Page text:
New material could speed up underwater communications by orders of magnitude

January 24, 2014, University of California - San Diego
Material developed could speed up underwater communications by orders of magnitude
Electrical engineers at UC San Diego have demonstrated that artificial materials can significantly improve the speed of optical communications. The team showed that an artificial metamaterial can increase the light density and blink speed of a fluorescent light-emitting dye molecule. Credit: Liu Research Group/UC San Diego

( —University of California, San Diego electrical engineering professor Zhaowei Liu and colleagues have taken the first steps in a project to develop fast-blinking LED systems for underwater optical communications.

In the January 6 issue of Nature Nanotechnology, Liu and colleagues show that an artificial metamaterial can increase the light intensity and "blink speed" of a fluorescent light-emitting dye molecule.

The nanopatterned layers of silver and silicon in the new material sped up the molecule's blink rate to 76 times faster than normal, while producing an 80-fold increase in its brightness.

"The major purpose of this program is to develop a better light source for communication purposes," Liu said. "But this is just a first step in the whole story. We have proved that this artificial, manmade material can be designed to enhance light emission and intensity, but the next step will be to apply this on conventional LEDs."

Extreme blinking speed – ultrafast modulation – in blue and green LEDs is a missing link that is necessary for increasing the rate at which information can be sent via optical channels through the open water, such as between ships and submarines, submarines and divers, underwater environmental sensors and unmanned underwater vehicles, or other combinations.

If dramatically improved, optical wireless communications could eventually replace underwater acoustic communications systems for short distance applications. Acoustic communications are limited by slow speed and low data rates and may possibly cause distress to whales, dolphins and other marine life. To do this, they must develop blue and green LED systems that blink one or two orders of magnitude faster than today's blue and green gallium nitride (GaN) based LEDs.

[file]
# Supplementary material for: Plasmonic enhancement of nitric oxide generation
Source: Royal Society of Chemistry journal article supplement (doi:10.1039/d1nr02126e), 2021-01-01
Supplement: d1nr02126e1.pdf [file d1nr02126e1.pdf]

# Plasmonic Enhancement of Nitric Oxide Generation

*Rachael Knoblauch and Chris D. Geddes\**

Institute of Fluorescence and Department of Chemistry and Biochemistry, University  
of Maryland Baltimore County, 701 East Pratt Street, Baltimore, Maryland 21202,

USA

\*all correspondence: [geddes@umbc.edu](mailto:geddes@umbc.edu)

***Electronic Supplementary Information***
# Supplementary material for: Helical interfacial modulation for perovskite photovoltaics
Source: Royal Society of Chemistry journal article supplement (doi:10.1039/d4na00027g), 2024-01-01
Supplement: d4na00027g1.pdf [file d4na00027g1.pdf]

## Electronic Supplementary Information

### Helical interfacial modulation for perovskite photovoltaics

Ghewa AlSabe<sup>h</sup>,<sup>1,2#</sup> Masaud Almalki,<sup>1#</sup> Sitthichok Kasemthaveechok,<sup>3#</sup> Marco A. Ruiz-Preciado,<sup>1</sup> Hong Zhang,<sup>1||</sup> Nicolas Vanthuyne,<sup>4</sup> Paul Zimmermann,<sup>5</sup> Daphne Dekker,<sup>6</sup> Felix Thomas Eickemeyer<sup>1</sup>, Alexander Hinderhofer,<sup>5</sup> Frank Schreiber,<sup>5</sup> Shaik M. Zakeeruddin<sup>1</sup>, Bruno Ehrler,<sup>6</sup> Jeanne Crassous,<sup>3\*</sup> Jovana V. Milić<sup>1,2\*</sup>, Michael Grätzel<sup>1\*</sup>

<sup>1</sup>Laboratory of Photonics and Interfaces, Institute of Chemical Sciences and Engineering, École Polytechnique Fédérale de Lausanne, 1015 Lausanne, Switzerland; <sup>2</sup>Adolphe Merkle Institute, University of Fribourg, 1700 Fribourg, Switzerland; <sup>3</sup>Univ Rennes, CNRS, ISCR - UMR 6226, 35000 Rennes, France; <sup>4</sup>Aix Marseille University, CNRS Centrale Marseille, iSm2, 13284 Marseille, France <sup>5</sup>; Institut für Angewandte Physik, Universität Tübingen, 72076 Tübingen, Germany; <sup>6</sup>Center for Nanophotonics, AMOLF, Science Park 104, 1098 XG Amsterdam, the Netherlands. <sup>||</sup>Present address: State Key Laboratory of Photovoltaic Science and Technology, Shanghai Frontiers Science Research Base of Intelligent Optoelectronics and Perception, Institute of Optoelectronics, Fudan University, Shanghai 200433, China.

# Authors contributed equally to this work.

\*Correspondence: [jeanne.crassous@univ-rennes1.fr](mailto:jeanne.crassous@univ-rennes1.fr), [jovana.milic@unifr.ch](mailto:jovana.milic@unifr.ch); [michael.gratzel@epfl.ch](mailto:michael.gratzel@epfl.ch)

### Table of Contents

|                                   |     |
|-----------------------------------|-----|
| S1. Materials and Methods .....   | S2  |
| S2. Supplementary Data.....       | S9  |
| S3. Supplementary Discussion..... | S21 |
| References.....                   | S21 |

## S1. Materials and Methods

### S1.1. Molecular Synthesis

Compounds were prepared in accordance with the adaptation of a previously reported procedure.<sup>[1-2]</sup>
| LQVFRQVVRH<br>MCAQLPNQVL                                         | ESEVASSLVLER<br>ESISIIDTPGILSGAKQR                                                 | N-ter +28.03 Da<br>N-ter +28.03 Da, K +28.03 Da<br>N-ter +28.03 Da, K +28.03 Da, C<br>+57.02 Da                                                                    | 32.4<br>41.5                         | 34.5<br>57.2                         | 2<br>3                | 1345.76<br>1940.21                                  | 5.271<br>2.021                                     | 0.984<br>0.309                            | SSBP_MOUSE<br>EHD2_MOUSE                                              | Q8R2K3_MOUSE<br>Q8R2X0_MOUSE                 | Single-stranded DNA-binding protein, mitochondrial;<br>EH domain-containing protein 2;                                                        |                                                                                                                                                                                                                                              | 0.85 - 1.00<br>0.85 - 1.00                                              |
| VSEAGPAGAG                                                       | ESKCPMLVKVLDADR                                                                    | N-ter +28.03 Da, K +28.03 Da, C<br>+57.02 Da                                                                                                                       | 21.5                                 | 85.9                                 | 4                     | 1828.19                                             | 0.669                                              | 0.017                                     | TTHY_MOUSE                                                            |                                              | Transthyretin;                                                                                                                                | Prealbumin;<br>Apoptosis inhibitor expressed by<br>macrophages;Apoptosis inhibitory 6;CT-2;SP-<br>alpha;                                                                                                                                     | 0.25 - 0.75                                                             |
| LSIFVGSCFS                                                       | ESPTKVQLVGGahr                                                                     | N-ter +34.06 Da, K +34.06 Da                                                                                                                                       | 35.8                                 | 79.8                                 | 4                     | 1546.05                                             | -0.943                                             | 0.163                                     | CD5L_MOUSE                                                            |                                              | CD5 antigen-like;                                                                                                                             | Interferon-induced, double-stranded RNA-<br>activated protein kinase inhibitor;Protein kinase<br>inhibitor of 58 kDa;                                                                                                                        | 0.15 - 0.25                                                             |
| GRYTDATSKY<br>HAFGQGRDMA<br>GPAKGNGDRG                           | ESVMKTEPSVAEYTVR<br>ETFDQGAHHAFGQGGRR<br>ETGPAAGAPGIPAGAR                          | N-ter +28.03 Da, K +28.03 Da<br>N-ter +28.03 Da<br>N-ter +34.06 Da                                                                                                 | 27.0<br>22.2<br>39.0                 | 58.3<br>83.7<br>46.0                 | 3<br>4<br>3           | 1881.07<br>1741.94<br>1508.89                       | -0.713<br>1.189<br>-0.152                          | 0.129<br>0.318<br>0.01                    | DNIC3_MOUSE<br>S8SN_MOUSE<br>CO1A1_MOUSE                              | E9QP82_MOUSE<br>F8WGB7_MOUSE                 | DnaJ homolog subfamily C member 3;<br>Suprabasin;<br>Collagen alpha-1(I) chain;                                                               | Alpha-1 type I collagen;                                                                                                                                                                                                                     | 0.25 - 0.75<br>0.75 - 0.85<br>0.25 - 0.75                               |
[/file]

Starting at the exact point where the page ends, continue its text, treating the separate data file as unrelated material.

Material developed could speed up underwater communications by orders of magnitude
UC San Diego graduate student Dylan Lu is working with electrical engineering professor Zhaowei Liu on a project to develop fast-blinking LED systems for underwater optical communication. Credit: Josh Knoff/UC San Diego Jacobs School of Engineering

In underwater optical wireless communications systems, data is converted from an electrical signal to optical waves that travel through the water from a light source such as a LED to an optical receiver. Blinking blue and green LEDs are already used to transfer information through the water. (Blue and green LEDs are used because their light is less apt to be absorbed by the water than other colors.)

The metamaterials developed by the researchers are synthetic, with properties not found in nature, and are specially designed to accelerate the light generation process.

So far, it's been difficult to directly convert an electrical signal into an optical signal in LEDs with adequate speed. At the moment, the blink rate for most of these converted signals is less than one gigahertz, a rate slower than the speed of most WiFi signals, Liu said.

The materials are designed to have extremely strong interactions with the light emitters that are specific to the wavelength—or color—of the emissions. In the new report, the researchers used a dye molecule that gives off a yellow-green hue. So the next step will be to pair the materials with the blue and green LEDs.